Iv-D 3D face alignment
Next, in Table III we compare the accuracy of our method for 3D face alignment on AFLW2000-3D database. AC-DC significantly enhance the state-of-the-art results on the and head pose ranges. Furthermore, Despite the fact that both 3DDFA  and PRN  benefit from dense 3D morphable model fitting or UV map ground truth while AC-DC only aligns a sparse set of landmarks, our method achieves performances that are close to the state-of-the-art best approach, 2DASL  on the pose range. The average accuracy on those 3 pose bins is 3.40 vs for 2DASL . Note that 2DASL  also uses external 2D data for training. Also, the unweighted average accuracy (normalized error averaged on all images from AFLW2000-3D database without considering the pose subsets) is 2.83 vs for the approach that use stacked dense U-Nets , which also integrates data from the MENPO dataset.
Iv-E Head pose estimation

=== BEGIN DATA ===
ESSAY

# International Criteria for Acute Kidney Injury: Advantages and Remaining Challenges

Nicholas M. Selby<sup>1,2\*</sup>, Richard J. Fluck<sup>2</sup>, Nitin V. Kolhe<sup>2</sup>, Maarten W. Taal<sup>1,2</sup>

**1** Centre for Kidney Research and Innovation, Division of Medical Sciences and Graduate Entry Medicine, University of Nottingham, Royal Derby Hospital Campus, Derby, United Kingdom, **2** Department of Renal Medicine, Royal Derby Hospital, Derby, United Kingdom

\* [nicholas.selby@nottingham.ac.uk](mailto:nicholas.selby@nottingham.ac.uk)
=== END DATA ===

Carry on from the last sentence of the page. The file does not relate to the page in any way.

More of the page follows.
|AC-DC (stage 1)||3.48||8.26||6.87||6.20|
|AC-DC (stage 4)||2.92||6.94||5.99||5.29|
Finally, in Table IV we compare our approach with state-of-the-art methods for head pose estimation on AFLW2000-3D database. Our method performs better than Trees  and FAN  which are a landmark-based methods. It is also better than 3DDFA  and the state-of the-art Hopenet , which respectively uses 3D morphable model fitting and head pose estimation from the raw images without aligning facial landmarks. note that our method is most significantly better on the yaw angle estimation, which is the main benchmark on AFLW2000-3D. More precisely, after cascade stage 1, AC-DC is roughly as accurate as Hopenet  in terms of average head pose estimation whereas, after stage 4 it performs much better: this highlights the fact that using head pose information to refine landmark alignment provides more precise landmark estimates, which in turn helps refine the head pose prediction, further advocating for an entwined landmark alignment and head pose prediction scheme.
Iv-F Qualitative analysis